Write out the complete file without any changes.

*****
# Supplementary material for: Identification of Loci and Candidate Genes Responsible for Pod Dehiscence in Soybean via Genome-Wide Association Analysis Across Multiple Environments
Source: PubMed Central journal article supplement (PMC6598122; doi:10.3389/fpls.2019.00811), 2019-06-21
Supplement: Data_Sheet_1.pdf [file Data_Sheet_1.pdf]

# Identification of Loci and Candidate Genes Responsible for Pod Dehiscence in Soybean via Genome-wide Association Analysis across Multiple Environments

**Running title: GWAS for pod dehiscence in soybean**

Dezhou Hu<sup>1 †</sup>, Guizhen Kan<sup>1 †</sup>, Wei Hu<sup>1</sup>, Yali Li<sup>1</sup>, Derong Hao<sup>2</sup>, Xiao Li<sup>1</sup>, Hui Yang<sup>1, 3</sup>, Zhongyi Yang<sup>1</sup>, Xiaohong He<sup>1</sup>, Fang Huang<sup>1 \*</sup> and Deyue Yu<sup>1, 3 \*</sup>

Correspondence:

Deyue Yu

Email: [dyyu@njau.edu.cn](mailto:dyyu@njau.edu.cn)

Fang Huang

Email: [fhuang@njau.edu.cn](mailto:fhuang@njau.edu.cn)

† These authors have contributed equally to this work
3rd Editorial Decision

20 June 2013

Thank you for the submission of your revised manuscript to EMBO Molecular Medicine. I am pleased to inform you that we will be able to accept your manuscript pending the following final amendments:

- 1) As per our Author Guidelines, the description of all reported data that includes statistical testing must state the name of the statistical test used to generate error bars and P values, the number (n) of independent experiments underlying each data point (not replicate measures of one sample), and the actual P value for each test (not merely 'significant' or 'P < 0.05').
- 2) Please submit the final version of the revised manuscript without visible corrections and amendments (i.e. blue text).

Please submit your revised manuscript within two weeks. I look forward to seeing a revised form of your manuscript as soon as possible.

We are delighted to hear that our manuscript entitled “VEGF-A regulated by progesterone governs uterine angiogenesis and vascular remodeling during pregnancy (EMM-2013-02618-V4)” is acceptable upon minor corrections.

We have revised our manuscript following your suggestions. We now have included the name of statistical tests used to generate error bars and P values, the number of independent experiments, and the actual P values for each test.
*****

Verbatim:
# Supplementary material for: Identification of Loci and Candidate Genes Responsible for Pod Dehiscence in Soybean via Genome-Wide Association Analysis Across Multiple Environments
Source: PubMed Central journal article supplement (PMC6598122; doi:10.3389/fpls.2019.00811), 2019-06-21
Supplement: Data_Sheet_1.pdf [file Data_Sheet_1.pdf]

# Identification of Loci and Candidate Genes Responsible for Pod Dehiscence in Soybean via Genome-wide Association Analysis across Multiple Environments

**Running title: GWAS for pod dehiscence in soybean**

Dezhou Hu<sup>1 †</sup>, Guizhen Kan<sup>1 †</sup>, Wei Hu<sup>1</sup>, Yali Li<sup>1</sup>, Derong Hao<sup>2</sup>, Xiao Li<sup>1</sup>, Hui Yang<sup>1, 3</sup>, Zhongyi Yang<sup>1</sup>, Xiaohong He<sup>1</sup>, Fang Huang<sup>1 \*</sup> and Deyue Yu<sup>1, 3 \*</sup>

Correspondence:

Deyue Yu

Email: [dyyu@njau.edu.cn](mailto:dyyu@njau.edu.cn)

Fang Huang

Email: [fhuang@njau.edu.cn](mailto:fhuang@njau.edu.cn)

† These authors have contributed equally to this work
3rd Editorial Decision

20 June 2013

Thank you for the submission of your revised manuscript to EMBO Molecular Medicine. I am pleased to inform you that we will be able to accept your manuscript pending the following final amendments:

- 1) As per our Author Guidelines, the description of all reported data that includes statistical testing must state the name of the statistical test used to generate error bars and P values, the number (n) of independent experiments underlying each data point (not replicate measures of one sample), and the actual P value for each test (not merely 'significant' or 'P < 0.05').
- 2) Please submit the final version of the revised manuscript without visible corrections and amendments (i.e. blue text).

Please submit your revised manuscript within two weeks. I look forward to seeing a revised form of your manuscript as soon as possible.

We are delighted to hear that our manuscript entitled “VEGF-A regulated by progesterone governs uterine angiogenesis and vascular remodeling during pregnancy (EMM-2013-02618-V4)” is acceptable upon minor corrections.

We have revised our manuscript following your suggestions. We now have included the name of statistical tests used to generate error bars and P values, the number of independent experiments, and the actual P values for each test.